The Book of Negroes, by Lawrence Hill

Reviewed by Bonnie L. Schepers UE, Central West Region VP, UELAC

As indicated in an earlier release of Loyalist Trails, CBC Radio has chosen The Book of Negroes as one of five books for “Canada Reads” this spring. I just finished reading the book last week and want to add my recommendation to that of Ruth Nicholson UE.

In his novel, The Book of Negroes, Lawrence Hill creates a gripping tale of the strength of the human spirit. Through the story of Aminata Diallo, the reader is led on a life journey that begins in West Africa, then to the North American continent, back to Africa and finally to Great Britain. One is caught up in the horrors of Aminata’s life in slavery and then the possibility of freedom presented through the proclamation of Lord Dunmore, Governor of Virginia, in 1775 and again with the Philipsburg Proclamation of 1779.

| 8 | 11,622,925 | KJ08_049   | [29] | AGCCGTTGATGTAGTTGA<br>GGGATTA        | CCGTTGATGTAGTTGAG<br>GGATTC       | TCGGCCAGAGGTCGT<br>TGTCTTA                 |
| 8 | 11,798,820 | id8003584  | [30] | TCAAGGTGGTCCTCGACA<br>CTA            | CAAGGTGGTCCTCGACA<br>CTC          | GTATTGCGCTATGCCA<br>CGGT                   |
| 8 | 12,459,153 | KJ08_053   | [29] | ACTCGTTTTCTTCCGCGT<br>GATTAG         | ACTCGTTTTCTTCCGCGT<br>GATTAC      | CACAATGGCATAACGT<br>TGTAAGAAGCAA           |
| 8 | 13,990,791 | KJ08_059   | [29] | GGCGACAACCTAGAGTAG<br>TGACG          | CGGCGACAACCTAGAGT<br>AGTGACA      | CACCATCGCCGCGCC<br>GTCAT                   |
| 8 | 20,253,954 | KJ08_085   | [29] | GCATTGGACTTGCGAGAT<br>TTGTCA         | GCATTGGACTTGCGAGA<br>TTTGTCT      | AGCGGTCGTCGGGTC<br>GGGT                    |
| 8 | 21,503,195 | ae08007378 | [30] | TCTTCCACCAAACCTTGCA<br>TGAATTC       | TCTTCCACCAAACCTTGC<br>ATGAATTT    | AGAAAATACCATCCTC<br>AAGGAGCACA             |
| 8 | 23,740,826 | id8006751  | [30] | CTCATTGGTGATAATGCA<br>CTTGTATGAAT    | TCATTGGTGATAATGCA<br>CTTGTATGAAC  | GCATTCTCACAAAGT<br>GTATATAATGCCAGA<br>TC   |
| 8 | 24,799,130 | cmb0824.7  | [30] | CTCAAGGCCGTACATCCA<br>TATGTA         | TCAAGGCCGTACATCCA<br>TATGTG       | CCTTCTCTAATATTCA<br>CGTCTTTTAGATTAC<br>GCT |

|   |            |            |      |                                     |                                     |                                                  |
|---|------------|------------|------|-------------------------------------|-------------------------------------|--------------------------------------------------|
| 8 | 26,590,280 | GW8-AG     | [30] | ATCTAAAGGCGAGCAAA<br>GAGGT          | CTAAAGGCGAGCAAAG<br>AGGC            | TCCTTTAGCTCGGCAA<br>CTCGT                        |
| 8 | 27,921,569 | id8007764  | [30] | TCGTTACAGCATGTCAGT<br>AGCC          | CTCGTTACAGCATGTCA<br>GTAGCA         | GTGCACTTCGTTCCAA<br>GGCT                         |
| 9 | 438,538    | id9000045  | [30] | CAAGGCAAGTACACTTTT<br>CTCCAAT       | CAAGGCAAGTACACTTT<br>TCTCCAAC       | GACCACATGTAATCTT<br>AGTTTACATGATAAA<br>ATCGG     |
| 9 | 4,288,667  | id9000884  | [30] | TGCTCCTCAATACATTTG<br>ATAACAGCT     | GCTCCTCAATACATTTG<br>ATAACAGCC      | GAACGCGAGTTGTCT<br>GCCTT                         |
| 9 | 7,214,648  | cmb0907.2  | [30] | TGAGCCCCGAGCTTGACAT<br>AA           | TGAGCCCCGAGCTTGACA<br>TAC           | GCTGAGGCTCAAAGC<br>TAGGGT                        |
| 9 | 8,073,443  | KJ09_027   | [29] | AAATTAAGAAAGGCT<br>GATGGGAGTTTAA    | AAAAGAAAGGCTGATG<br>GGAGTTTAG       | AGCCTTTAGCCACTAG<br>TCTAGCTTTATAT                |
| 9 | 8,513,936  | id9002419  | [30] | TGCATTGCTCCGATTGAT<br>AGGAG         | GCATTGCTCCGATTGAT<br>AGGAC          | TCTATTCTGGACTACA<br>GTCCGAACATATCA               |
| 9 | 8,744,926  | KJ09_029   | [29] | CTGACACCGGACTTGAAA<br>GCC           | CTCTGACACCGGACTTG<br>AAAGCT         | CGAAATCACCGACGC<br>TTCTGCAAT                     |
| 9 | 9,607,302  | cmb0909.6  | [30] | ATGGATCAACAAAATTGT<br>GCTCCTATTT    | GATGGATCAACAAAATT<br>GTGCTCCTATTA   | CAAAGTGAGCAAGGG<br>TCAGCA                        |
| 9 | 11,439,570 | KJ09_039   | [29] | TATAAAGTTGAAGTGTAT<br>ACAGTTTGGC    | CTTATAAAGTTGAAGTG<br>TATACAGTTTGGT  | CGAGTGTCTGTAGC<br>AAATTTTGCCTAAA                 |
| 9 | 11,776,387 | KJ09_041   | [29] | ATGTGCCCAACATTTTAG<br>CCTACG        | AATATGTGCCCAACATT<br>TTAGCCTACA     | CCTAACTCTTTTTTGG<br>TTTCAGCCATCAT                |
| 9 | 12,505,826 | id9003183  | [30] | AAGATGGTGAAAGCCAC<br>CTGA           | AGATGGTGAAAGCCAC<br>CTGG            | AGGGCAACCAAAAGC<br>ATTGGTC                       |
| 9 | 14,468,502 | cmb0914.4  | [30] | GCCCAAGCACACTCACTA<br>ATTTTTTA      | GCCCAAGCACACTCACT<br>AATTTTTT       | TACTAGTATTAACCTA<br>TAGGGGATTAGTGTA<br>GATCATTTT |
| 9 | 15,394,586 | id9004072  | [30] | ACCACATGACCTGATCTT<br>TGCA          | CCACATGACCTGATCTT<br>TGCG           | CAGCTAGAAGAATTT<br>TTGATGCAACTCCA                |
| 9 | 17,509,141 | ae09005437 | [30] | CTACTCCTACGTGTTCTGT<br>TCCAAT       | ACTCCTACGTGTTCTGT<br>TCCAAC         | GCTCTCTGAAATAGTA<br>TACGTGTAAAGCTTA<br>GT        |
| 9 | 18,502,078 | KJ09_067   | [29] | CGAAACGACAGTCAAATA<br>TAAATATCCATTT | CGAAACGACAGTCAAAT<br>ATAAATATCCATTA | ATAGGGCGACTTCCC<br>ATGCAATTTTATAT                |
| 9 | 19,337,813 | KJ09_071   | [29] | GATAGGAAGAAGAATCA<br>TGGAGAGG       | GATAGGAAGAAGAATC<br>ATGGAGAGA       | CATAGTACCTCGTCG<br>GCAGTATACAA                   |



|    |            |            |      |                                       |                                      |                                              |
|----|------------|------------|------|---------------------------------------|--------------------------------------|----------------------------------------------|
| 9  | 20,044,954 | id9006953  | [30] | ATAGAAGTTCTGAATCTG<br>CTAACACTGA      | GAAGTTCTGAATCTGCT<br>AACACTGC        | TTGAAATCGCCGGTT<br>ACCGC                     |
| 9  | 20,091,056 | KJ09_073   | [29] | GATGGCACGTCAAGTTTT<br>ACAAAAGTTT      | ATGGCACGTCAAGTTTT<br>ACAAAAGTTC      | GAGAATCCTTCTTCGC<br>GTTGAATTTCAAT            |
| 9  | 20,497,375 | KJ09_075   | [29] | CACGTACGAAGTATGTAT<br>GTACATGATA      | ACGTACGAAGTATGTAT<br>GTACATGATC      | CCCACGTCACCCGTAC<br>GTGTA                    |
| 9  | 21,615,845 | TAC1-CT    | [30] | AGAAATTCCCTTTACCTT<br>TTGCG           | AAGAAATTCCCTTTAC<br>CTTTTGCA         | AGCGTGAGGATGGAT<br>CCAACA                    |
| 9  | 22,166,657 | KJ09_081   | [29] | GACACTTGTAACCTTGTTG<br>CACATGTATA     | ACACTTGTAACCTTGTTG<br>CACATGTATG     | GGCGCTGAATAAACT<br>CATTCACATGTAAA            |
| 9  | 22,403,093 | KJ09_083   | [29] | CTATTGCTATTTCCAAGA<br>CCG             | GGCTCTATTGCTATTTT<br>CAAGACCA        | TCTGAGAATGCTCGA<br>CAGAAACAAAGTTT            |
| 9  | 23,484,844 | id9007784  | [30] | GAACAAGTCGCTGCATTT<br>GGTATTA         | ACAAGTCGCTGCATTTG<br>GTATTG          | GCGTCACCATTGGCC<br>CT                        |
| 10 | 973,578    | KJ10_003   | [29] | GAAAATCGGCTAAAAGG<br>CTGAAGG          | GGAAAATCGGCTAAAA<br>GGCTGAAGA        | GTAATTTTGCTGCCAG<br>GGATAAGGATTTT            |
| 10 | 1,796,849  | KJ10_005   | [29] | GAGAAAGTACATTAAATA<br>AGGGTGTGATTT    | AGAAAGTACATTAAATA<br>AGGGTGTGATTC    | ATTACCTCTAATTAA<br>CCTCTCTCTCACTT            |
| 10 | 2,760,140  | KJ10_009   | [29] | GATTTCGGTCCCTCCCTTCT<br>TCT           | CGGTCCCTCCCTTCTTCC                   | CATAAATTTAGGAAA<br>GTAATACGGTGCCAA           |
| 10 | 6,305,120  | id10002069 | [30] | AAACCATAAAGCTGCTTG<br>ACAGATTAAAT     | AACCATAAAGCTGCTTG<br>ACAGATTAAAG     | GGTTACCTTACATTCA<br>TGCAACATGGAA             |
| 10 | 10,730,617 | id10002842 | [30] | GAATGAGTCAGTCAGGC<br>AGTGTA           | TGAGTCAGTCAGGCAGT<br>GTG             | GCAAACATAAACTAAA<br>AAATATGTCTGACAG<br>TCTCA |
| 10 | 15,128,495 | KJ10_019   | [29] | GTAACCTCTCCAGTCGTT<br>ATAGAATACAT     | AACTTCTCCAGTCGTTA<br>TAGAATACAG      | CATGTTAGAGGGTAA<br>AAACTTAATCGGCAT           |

When she arrives in New York City at The Fraunces Tavern during the early days of the American Revolution, Aminata’s story becomes a Loyalist story. Because of her ability to read and her skill as a midwife she is a mentor to the Negroes of Canvas Town and later a valuable assistant to the British forces as they prepare for evacuation to Nova Scotia. As I read this book my heart and mind were captivated by the character of Aminata and her story. I recommend it not only for its Loyalist content but for its ability to reveal the harsh reality of slavery and the amazing courage exemplified in the life of one determined woman.

You can read more about The Book of Negroes at

Title: The Book of Negroes
Author: Lawrence Hill
Publisher: HarperCollins Canada, Toronto
Pages: 384
ISBN-10: 0-00-225507-3;   ISBN-13: 978-0-00-225507-3
Year: 2007